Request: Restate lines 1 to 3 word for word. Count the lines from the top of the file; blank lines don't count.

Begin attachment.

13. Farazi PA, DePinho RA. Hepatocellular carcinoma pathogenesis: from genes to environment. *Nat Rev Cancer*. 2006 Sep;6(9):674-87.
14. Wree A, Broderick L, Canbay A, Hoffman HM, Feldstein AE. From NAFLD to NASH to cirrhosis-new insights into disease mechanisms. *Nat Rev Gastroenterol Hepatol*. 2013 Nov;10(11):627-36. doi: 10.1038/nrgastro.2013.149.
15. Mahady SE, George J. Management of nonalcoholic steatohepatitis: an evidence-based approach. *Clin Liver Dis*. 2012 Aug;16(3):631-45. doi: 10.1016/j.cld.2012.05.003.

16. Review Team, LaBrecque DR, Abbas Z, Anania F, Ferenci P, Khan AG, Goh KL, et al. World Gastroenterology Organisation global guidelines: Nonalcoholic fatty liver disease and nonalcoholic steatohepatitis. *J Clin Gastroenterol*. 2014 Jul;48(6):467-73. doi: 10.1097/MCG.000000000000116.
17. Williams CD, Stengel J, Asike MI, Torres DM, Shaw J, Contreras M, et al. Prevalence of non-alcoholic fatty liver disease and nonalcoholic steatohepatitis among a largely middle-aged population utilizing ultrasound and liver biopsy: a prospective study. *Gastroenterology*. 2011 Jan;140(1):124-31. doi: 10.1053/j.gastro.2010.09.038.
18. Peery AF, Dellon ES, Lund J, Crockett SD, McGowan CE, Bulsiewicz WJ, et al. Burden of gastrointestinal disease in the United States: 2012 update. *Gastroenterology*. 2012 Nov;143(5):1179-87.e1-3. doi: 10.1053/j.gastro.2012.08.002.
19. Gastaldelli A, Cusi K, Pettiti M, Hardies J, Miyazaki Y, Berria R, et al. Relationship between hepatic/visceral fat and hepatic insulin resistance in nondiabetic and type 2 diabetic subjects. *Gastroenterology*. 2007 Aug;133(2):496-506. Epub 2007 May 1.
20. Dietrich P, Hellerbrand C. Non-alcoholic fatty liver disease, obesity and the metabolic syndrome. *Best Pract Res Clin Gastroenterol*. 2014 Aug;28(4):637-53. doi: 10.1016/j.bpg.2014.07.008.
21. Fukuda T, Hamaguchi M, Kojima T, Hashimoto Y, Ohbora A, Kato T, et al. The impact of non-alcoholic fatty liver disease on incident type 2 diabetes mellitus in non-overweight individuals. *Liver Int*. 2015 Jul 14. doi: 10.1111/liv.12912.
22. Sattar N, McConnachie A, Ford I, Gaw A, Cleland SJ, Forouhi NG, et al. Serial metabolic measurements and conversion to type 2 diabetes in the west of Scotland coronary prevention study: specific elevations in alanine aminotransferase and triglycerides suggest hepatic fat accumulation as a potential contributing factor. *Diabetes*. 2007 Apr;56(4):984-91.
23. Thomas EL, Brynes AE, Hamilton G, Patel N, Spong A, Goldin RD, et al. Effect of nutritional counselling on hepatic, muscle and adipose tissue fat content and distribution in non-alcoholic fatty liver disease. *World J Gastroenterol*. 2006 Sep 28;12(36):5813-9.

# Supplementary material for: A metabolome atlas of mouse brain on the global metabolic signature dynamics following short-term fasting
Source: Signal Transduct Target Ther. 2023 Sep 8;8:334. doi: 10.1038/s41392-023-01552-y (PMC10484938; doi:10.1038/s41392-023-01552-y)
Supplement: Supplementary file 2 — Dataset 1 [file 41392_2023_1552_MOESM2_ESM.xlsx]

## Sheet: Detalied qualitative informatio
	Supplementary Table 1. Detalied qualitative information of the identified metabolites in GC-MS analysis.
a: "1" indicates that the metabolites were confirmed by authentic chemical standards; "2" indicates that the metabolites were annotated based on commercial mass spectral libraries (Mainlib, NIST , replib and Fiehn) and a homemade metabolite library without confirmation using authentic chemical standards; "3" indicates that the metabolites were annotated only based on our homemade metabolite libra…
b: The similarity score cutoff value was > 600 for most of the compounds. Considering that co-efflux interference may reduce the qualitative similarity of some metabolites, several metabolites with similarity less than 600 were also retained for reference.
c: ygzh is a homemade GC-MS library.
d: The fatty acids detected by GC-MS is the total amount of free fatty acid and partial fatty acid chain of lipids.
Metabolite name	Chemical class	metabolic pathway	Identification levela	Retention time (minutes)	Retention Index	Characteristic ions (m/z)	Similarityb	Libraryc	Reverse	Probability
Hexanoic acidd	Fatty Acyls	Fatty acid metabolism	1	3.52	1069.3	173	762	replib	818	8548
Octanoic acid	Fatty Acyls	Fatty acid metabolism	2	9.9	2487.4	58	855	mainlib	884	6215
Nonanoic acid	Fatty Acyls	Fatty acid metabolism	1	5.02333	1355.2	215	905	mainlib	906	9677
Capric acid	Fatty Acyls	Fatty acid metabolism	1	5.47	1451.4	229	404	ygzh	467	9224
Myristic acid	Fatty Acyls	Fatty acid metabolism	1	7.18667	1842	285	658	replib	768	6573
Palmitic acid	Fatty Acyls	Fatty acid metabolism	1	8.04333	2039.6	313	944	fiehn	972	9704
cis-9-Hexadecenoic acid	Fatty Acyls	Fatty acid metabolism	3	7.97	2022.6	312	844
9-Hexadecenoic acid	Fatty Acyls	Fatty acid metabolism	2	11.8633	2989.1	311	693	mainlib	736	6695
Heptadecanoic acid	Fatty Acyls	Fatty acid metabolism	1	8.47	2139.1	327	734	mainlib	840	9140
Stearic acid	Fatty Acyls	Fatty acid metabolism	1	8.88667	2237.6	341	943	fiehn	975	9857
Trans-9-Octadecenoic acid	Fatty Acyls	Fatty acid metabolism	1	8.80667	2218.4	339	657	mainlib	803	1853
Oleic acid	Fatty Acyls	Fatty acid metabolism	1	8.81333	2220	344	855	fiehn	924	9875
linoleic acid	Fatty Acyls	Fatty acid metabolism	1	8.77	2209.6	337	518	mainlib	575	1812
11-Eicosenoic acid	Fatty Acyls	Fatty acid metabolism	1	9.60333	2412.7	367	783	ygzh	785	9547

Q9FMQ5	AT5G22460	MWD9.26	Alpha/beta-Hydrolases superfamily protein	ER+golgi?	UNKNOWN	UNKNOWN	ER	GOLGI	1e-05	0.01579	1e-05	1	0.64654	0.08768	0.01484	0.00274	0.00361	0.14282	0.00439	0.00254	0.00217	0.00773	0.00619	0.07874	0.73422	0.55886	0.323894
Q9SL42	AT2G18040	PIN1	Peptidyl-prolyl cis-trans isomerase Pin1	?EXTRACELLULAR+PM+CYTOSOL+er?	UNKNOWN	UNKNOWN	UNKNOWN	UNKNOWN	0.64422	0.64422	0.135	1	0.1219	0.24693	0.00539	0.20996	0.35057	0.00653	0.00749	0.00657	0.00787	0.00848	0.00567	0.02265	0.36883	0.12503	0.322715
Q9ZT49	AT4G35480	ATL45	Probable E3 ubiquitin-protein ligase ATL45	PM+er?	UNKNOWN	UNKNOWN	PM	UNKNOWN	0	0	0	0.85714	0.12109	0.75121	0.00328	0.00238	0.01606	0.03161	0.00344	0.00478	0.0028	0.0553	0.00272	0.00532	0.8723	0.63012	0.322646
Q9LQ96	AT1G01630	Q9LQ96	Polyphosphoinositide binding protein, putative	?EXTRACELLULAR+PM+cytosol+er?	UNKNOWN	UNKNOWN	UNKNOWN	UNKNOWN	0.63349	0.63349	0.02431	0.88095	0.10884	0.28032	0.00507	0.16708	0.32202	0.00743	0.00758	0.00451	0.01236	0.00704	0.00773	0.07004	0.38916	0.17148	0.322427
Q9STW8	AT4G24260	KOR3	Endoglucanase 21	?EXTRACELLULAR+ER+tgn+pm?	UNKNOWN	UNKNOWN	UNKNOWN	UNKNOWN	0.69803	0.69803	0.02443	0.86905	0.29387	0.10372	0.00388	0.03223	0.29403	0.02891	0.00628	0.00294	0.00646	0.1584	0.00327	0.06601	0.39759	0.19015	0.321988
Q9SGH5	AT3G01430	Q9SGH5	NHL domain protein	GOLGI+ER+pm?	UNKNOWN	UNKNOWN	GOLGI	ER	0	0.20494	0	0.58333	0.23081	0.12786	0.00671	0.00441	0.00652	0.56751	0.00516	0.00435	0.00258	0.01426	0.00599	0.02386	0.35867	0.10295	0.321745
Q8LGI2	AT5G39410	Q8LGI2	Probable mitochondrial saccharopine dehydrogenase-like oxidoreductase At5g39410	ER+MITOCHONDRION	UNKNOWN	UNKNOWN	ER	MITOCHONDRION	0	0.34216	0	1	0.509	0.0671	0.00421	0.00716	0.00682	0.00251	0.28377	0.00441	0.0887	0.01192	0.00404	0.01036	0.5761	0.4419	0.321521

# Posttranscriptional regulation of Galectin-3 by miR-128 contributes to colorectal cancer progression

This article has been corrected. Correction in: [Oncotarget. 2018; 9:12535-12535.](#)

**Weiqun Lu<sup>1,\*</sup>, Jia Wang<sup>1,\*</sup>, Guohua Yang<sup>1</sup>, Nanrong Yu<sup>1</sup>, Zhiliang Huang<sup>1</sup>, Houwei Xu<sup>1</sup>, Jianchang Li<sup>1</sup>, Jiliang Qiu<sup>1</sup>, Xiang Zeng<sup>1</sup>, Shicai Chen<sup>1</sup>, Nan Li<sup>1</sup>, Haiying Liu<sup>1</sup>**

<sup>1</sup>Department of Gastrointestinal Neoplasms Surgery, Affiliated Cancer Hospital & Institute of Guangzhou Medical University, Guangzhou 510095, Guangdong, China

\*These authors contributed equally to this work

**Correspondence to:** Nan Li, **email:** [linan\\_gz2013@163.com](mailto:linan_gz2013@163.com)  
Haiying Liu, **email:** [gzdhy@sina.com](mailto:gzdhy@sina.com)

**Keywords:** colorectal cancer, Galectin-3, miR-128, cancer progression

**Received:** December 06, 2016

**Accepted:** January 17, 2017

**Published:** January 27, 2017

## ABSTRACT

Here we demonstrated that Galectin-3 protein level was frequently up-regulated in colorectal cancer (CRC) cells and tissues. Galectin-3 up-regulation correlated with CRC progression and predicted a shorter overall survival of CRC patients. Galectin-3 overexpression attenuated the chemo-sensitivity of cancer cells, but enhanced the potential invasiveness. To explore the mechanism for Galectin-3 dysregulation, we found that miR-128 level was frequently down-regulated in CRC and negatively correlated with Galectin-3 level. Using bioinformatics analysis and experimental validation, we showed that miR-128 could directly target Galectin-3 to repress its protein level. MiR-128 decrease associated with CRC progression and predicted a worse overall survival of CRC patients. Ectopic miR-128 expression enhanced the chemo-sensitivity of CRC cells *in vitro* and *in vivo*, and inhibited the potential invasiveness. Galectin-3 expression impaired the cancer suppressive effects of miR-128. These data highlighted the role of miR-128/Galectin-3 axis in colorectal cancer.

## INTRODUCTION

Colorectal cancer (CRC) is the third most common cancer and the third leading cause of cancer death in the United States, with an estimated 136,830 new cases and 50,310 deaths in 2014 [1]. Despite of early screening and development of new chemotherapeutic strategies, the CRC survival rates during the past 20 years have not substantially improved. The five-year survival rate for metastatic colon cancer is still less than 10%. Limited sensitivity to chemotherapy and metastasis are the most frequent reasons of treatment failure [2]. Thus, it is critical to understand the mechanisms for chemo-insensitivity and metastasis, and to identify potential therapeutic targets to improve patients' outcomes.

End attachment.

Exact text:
13. Farazi PA, DePinho RA. Hepatocellular carcinoma pathogenesis: from genes to environment. *Nat Rev Cancer*. 2006 Sep;6(9):674-87.
14. Wree A, Broderick L, Canbay A, Hoffman HM, Feldstein AE. From NAFLD to NASH to cirrhosis-new insights into disease mechanisms. *Nat Rev Gastroenterol Hepatol*. 2013 Nov;10(11):627-36. doi: 10.1038/nrgastro.2013.149.
15. Mahady SE, George J. Management of nonalcoholic steatohepatitis: an evidence-based approach. *Clin Liver Dis*. 2012 Aug;16(3):631-45. doi: 10.1016/j.cld.2012.05.003.